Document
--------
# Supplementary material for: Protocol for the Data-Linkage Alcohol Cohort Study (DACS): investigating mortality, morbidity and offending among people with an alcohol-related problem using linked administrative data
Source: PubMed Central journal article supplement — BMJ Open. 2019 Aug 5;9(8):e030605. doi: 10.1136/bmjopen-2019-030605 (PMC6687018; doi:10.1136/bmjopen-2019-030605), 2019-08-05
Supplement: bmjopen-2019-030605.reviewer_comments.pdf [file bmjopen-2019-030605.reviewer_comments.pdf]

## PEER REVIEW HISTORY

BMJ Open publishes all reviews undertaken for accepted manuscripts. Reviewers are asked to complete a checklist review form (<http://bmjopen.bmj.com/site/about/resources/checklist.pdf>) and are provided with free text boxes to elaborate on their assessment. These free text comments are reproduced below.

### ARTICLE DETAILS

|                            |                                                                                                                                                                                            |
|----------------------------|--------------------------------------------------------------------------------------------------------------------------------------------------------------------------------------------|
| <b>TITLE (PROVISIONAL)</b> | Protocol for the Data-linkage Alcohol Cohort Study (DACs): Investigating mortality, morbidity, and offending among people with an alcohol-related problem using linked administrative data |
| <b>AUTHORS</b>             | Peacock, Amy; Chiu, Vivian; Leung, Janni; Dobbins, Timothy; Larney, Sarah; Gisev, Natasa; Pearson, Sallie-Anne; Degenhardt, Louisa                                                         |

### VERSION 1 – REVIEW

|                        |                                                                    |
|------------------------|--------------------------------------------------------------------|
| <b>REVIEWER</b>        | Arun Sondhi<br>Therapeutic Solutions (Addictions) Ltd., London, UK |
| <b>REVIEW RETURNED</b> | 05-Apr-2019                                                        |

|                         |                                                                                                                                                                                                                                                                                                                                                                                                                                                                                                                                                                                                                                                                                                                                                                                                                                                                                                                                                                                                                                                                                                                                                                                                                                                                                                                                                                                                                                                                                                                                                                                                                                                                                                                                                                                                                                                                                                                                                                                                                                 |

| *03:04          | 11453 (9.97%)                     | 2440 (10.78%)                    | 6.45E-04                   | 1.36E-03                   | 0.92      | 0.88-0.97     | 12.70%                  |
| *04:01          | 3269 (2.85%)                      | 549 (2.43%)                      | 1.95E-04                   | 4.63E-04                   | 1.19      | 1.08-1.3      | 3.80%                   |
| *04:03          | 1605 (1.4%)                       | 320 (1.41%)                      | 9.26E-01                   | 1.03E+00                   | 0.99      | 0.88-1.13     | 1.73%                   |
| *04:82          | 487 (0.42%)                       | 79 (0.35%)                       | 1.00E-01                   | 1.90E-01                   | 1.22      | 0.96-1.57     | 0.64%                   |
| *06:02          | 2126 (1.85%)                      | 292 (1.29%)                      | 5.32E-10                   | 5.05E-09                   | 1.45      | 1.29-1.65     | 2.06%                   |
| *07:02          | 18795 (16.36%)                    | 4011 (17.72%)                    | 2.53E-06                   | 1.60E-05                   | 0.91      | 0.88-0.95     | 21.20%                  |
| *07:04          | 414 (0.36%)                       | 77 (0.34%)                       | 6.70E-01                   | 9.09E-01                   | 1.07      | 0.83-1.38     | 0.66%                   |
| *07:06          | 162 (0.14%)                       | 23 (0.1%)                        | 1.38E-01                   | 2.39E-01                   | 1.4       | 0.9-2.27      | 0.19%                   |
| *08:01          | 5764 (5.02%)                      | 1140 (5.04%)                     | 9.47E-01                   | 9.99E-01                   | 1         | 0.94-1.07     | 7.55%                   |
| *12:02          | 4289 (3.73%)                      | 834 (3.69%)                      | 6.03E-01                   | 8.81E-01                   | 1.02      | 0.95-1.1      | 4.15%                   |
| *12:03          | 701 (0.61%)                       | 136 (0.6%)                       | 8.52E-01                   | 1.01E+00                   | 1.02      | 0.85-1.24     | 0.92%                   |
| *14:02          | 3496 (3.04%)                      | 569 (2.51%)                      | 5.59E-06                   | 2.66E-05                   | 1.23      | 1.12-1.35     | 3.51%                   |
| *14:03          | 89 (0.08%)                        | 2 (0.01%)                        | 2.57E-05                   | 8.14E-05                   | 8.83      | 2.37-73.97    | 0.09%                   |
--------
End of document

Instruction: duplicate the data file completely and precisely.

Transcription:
# Supplementary material for: Protocol for the Data-Linkage Alcohol Cohort Study (DACS): investigating mortality, morbidity and offending among people with an alcohol-related problem using linked administrative data
Source: PubMed Central journal article supplement — BMJ Open. 2019 Aug 5;9(8):e030605. doi: 10.1136/bmjopen-2019-030605 (PMC6687018; doi:10.1136/bmjopen-2019-030605), 2019-08-05
Supplement: bmjopen-2019-030605.reviewer_comments.pdf [file bmjopen-2019-030605.reviewer_comments.pdf]

## PEER REVIEW HISTORY

BMJ Open publishes all reviews undertaken for accepted manuscripts. Reviewers are asked to complete a checklist review form (<http://bmjopen.bmj.com/site/about/resources/checklist.pdf>) and are provided with free text boxes to elaborate on their assessment. These free text comments are reproduced below.

### ARTICLE DETAILS

|                            |                                                                                                                                                                                            |
|----------------------------|--------------------------------------------------------------------------------------------------------------------------------------------------------------------------------------------|
| <b>TITLE (PROVISIONAL)</b> | Protocol for the Data-linkage Alcohol Cohort Study (DACs): Investigating mortality, morbidity, and offending among people with an alcohol-related problem using linked administrative data |
| <b>AUTHORS</b>             | Peacock, Amy; Chiu, Vivian; Leung, Janni; Dobbins, Timothy; Larney, Sarah; Gisev, Natasa; Pearson, Sallie-Anne; Degenhardt, Louisa                                                         |

### VERSION 1 – REVIEW

|                        |                                                                    |
|------------------------|--------------------------------------------------------------------|
| <b>REVIEWER</b>        | Arun Sondhi<br>Therapeutic Solutions (Addictions) Ltd., London, UK |
| <b>REVIEW RETURNED</b> | 05-Apr-2019                                                        |

|                         |                                                                                                                                                                                                                                                                                                                                                                                                                                                                                                                                                                                                                                                                                                                                                                                                                                                                                                                                                                                                                                                                                                                                                                                                                                                                                                                                                                                                                                                                                                                                                                                                                                                                                                                                                                                                                                                                                                                                                                                                                                 |

| *03:04          | 11453 (9.97%)                     | 2440 (10.78%)                    | 6.45E-04                   | 1.36E-03                   | 0.92      | 0.88-0.97     | 12.70%                  |
| *04:01          | 3269 (2.85%)                      | 549 (2.43%)                      | 1.95E-04                   | 4.63E-04                   | 1.19      | 1.08-1.3      | 3.80%                   |
| *04:03          | 1605 (1.4%)                       | 320 (1.41%)                      | 9.26E-01                   | 1.03E+00                   | 0.99      | 0.88-1.13     | 1.73%                   |
| *04:82          | 487 (0.42%)                       | 79 (0.35%)                       | 1.00E-01                   | 1.90E-01                   | 1.22      | 0.96-1.57     | 0.64%                   |
| *06:02          | 2126 (1.85%)                      | 292 (1.29%)                      | 5.32E-10                   | 5.05E-09                   | 1.45      | 1.29-1.65     | 2.06%                   |
| *07:02          | 18795 (16.36%)                    | 4011 (17.72%)                    | 2.53E-06                   | 1.60E-05                   | 0.91      | 0.88-0.95     | 21.20%                  |
| *07:04          | 414 (0.36%)                       | 77 (0.34%)                       | 6.70E-01                   | 9.09E-01                   | 1.07      | 0.83-1.38     | 0.66%                   |
| *07:06          | 162 (0.14%)                       | 23 (0.1%)                        | 1.38E-01                   | 2.39E-01                   | 1.4       | 0.9-2.27      | 0.19%                   |
| *08:01          | 5764 (5.02%)                      | 1140 (5.04%)                     | 9.47E-01                   | 9.99E-01                   | 1         | 0.94-1.07     | 7.55%                   |
| *12:02          | 4289 (3.73%)                      | 834 (3.69%)                      | 6.03E-01                   | 8.81E-01                   | 1.02      | 0.95-1.1      | 4.15%                   |
| *12:03          | 701 (0.61%)                       | 136 (0.6%)                       | 8.52E-01                   | 1.01E+00                   | 1.02      | 0.85-1.24     | 0.92%                   |
| *14:02          | 3496 (3.04%)                      | 569 (2.51%)                      | 5.59E-06                   | 2.66E-05                   | 1.23      | 1.12-1.35     | 3.51%                   |
| *14:03          | 89 (0.08%)                        | 2 (0.01%)                        | 2.57E-05                   | 8.14E-05                   | 8.83      | 2.37-73.97    | 0.09%                   |